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If your business involves working at height, it’s imperative that you implement a rescue plan before you begin working. It is a vital part of ensuring the safety of yourself or your staff. Falling from height is one of the main reasons for fatalities in the workplace. Common causes are falls from ladders and through fragile roofs.

If an accident occurs when working at a height, emergency services may not reach you as quickly as you would like. This is where a rescue plan would be required.

The HSE Work at Height Regulations 2005 is the main legislation regarding working at height. This states that all regulations apply to situations where there is a risk of a fall liable to cause personal injury. Employers must measure the risks of working at height and develop a thorough and systematic rescue plan to use in situations of emergency.

Working at height rescue plan

What are the usual reasons for accidents when working at height?

Roof work is high risk and falls from roofs are one of the most common causes for fatalities and. In addition to construction, these accidents can also transpire on roofs of factories, warehouses and farm buildings. The following are expected to be fragile.

  • Slipping on surfaces
  • Roof lights
  • Liner panels on built-up sheeted roofs
  • Non-reinforced dibre cement sheets
  • Corroded metal sheets
  • Glass (including wired glass)
  • Rotted chipboard
  • Slates and tiles 

What emergencies should your working at height rescue plan cover?

It encompasses a lot more than just falling from height. While this is the main risk, there are other situations that could result in emergency rescues. 

  1. Slipping on a surface

If your employee does slip, they may not be able to climb down. The rescue plan must guarantee they are able to reach the ground without further harming themselves

  1. Concussions from a falling object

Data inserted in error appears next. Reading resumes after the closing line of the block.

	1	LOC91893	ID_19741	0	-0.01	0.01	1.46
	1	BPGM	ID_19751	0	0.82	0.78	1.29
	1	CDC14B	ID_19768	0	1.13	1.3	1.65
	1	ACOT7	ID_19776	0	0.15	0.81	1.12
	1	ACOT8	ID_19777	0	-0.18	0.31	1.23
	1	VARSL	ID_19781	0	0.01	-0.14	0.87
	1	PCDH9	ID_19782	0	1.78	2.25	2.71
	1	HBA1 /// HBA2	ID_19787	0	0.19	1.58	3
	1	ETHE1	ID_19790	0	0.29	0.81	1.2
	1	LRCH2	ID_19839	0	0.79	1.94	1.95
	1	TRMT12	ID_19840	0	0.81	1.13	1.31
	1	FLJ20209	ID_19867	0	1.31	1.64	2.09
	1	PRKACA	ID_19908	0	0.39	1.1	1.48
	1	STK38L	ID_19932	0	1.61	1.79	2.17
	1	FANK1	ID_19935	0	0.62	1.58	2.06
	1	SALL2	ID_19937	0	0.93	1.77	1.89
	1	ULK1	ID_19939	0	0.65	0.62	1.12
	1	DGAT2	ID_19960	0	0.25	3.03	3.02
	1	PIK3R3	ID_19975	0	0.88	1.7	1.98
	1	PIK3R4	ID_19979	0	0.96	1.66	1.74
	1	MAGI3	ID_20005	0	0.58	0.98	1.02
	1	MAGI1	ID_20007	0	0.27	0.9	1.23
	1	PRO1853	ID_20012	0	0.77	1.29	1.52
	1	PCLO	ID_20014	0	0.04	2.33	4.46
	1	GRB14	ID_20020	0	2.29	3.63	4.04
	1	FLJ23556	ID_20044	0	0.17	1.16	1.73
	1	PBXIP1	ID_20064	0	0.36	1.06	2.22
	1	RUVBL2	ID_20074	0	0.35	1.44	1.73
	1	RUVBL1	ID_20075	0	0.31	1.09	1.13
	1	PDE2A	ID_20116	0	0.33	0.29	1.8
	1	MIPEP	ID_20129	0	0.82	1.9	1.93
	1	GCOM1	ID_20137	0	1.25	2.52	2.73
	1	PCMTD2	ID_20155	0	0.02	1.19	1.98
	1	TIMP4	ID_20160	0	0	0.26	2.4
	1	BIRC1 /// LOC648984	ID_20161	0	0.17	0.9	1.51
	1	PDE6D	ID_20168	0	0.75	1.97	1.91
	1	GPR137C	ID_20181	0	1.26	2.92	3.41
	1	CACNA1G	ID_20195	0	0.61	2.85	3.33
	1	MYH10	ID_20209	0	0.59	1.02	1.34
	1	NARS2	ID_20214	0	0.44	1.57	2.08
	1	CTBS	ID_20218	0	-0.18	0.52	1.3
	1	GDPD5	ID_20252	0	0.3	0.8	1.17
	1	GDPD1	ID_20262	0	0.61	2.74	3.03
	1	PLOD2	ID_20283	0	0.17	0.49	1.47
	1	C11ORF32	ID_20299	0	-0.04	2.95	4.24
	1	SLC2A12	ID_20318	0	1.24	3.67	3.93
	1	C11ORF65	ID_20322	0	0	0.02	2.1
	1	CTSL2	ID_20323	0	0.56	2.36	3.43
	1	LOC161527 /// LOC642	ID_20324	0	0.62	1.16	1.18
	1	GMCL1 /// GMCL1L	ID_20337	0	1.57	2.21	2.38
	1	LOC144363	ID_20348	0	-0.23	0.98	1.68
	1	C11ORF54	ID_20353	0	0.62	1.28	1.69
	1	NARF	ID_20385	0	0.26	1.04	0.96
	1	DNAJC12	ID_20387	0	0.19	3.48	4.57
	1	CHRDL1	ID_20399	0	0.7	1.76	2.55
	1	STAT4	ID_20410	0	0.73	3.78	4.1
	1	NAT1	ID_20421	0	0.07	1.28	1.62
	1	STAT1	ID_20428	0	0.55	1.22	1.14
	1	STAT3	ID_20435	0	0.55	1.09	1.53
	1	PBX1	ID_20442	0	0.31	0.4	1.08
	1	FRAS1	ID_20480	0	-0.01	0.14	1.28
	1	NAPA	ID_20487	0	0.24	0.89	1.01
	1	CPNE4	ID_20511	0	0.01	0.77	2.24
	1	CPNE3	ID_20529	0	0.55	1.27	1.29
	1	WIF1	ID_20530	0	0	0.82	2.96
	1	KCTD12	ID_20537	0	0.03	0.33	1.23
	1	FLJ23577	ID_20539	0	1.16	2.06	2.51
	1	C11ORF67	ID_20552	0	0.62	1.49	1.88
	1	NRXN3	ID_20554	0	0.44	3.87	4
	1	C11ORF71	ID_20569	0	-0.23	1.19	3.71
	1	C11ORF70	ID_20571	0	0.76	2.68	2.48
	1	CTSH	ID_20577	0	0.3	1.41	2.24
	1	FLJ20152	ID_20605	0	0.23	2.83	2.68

While producing your rescue plan, you must reflect potential on site hazards

  1. Unexpected medical emergencies 

An employee could experience a completely different medical emergency- such as a heart attack. Although they may not fall, the rescue plan must ensure they can be lowered to the ground safely.

When making a working from height rescue plan, the HSE requires you to think about the below:

  • The safety of the rescuers when carrying out the rescue
  • What will be the anchor point for the safety equipment?
  • Could the weather compromise the workers’ safety?
  • The suitability of the equipment being used- is it still safe to use?
  • How to safely move the individual once rescued 
  • How to safety attach the individual to the rescue equipment
  • Any other medical needs of the individual during the rescue

As mentioned previously, you need to be considering the distance from emergency services. Guidance suggests that you should never depend on emergency services as your core rescue plan. While you should alert them as soon as an incident occurs, and they should be offering first aid guidance, you need to guarantee everyone on site knows what to do in an emergency. 

Don’t let the first time your workers see this be during the critical situation. Practice makes perfect! It is your duty to ensure there is a plan in place, but there’s no point in having a plan if your staff can’t follow it. Run demonstrations and get your team involved so everyone is prepared and knows what to do if an incident was to happen.

You only get one chance working at height. Make sure you’re correctly trained. To find out more, visit the Shout Out Safety Working at Height Course

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